She loves to ride with a helmet

New U.S. transportation secretary visits Harley

By LAWRENCE SUSSMAN
Posted: Oct. 26, 2006

A total of 4,553 motorcyclists died in traffic accidents last year in the United States, but more than 700 of them would have lived if they had been wearing helmets, Mary E. Peters, the new U.S. transportation secretary, said Thursday in Milwaukee.

Advertisement

Peters, during a visit to the Harley-Davidson plant in Milwaukee, talked about the "alarming rise" in fatalities and injuries involving motorcyclists since 1997.

Peters, an ardent motorcyclist, said she will "never, ever ride without a helmet."

She said a helmet last year saved her from more serious injuries in an accident in which she hit her husband's motorcycle and suffered a broken collarbone.

She does not, however, think that the federal government should order mandatory helmet use.

"We don't believe that it's up to the federal government to mandate helmets," she said, adding that was something for the individual states to decide.

She deplored that only about 58% of motorcyclists wear helmets today, down from 71% from 2000, according to surveys.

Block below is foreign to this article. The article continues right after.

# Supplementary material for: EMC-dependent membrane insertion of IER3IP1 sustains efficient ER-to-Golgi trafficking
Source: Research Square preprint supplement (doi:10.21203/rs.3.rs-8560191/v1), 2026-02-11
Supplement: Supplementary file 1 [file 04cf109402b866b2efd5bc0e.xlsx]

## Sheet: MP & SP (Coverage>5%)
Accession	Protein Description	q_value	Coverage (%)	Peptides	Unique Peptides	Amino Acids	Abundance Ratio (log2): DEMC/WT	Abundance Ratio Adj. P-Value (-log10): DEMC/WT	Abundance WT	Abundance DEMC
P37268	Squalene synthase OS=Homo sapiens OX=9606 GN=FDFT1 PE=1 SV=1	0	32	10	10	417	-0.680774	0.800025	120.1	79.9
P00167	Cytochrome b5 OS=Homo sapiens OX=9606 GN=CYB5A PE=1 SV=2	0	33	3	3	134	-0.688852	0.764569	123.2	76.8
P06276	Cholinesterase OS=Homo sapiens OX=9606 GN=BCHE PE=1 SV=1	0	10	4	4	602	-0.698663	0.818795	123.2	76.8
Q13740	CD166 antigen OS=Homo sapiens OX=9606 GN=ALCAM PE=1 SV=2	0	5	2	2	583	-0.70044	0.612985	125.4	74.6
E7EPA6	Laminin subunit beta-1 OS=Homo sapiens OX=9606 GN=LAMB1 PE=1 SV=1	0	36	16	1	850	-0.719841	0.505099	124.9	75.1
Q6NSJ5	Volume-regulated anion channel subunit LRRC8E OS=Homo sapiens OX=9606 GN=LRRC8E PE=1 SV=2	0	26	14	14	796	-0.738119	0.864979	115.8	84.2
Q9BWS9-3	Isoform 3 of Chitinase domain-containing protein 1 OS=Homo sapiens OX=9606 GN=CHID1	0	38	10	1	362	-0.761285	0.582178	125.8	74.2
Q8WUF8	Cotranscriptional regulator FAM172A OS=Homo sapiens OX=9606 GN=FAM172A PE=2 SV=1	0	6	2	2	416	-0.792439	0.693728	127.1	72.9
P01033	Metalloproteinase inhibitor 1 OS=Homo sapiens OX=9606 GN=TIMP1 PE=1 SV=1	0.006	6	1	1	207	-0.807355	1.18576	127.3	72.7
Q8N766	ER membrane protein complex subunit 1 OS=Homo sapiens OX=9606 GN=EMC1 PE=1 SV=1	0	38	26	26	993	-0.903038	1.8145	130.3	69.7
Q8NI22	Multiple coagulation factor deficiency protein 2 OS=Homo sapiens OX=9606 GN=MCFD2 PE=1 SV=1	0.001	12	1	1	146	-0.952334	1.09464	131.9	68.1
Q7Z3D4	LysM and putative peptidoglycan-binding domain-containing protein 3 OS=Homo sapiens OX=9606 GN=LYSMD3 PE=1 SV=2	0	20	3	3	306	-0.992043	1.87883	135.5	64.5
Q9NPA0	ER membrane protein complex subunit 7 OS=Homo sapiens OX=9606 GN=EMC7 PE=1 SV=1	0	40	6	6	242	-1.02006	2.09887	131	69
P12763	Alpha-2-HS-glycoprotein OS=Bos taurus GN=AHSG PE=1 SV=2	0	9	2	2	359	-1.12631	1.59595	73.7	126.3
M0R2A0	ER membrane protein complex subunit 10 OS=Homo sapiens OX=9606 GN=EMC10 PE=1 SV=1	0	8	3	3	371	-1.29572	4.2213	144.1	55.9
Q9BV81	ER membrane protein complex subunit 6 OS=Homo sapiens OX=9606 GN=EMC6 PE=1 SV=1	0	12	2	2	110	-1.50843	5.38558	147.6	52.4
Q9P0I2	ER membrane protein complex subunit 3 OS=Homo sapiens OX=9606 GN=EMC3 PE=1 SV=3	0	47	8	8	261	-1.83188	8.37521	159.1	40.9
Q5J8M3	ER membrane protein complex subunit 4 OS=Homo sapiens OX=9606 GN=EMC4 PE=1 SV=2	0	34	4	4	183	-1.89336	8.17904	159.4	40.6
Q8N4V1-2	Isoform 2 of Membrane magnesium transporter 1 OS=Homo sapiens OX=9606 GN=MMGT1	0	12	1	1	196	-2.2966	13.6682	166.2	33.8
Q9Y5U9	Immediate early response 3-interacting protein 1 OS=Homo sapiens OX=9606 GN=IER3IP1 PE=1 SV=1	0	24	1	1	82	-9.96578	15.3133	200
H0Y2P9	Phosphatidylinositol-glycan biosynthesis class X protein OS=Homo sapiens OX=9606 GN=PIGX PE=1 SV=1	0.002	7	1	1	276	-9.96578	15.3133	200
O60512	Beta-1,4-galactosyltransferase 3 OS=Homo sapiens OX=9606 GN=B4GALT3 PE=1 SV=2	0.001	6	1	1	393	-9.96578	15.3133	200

She urged motorcyclists to wear helmets and protective gear, drive sober and take classes on safe motorcycling.

Motorcyclists make up 2% of the vehicles on the road, yet last year they accounted for more than 10% of the fatalities, she said. About 40% of motorcyclists who were involved in accidents had been drinking, she added.

In 1997, traffic accidents killed 2,116 motorcyclists, and that increased to 4,553 fatalities last year, a 115% increase in deaths. Peters said the number of registered motorcycles had risen from 1997 to 2005 but said the frequency of accidents per 1 million miles driven also had grown significantly.

"Cyclists have a lot of responsibility to take care of themselves," she said, but motorists also have to do a better job of sharing the road with motorcycles.

Peters commended Harley-Davidson Inc. for its efforts in motorcycle safety programs and cycle maintenance.

On Sept. 30, the U.S. Senate confirmed Peters' appointment, and the Harley-Davidson tour was her first public event since she was sworn in. Nicole Nason, head of the National Highway Traffic Safety Administration, also took the tour.

They visited what is called Harley-Davidson University, where the 660 dealerships in the United States that sell Harley-Davidson motorcycles learn how better to service the vehicles.

From the Oct. 27, 2006 editions of the Milwaukee Journal Sentinel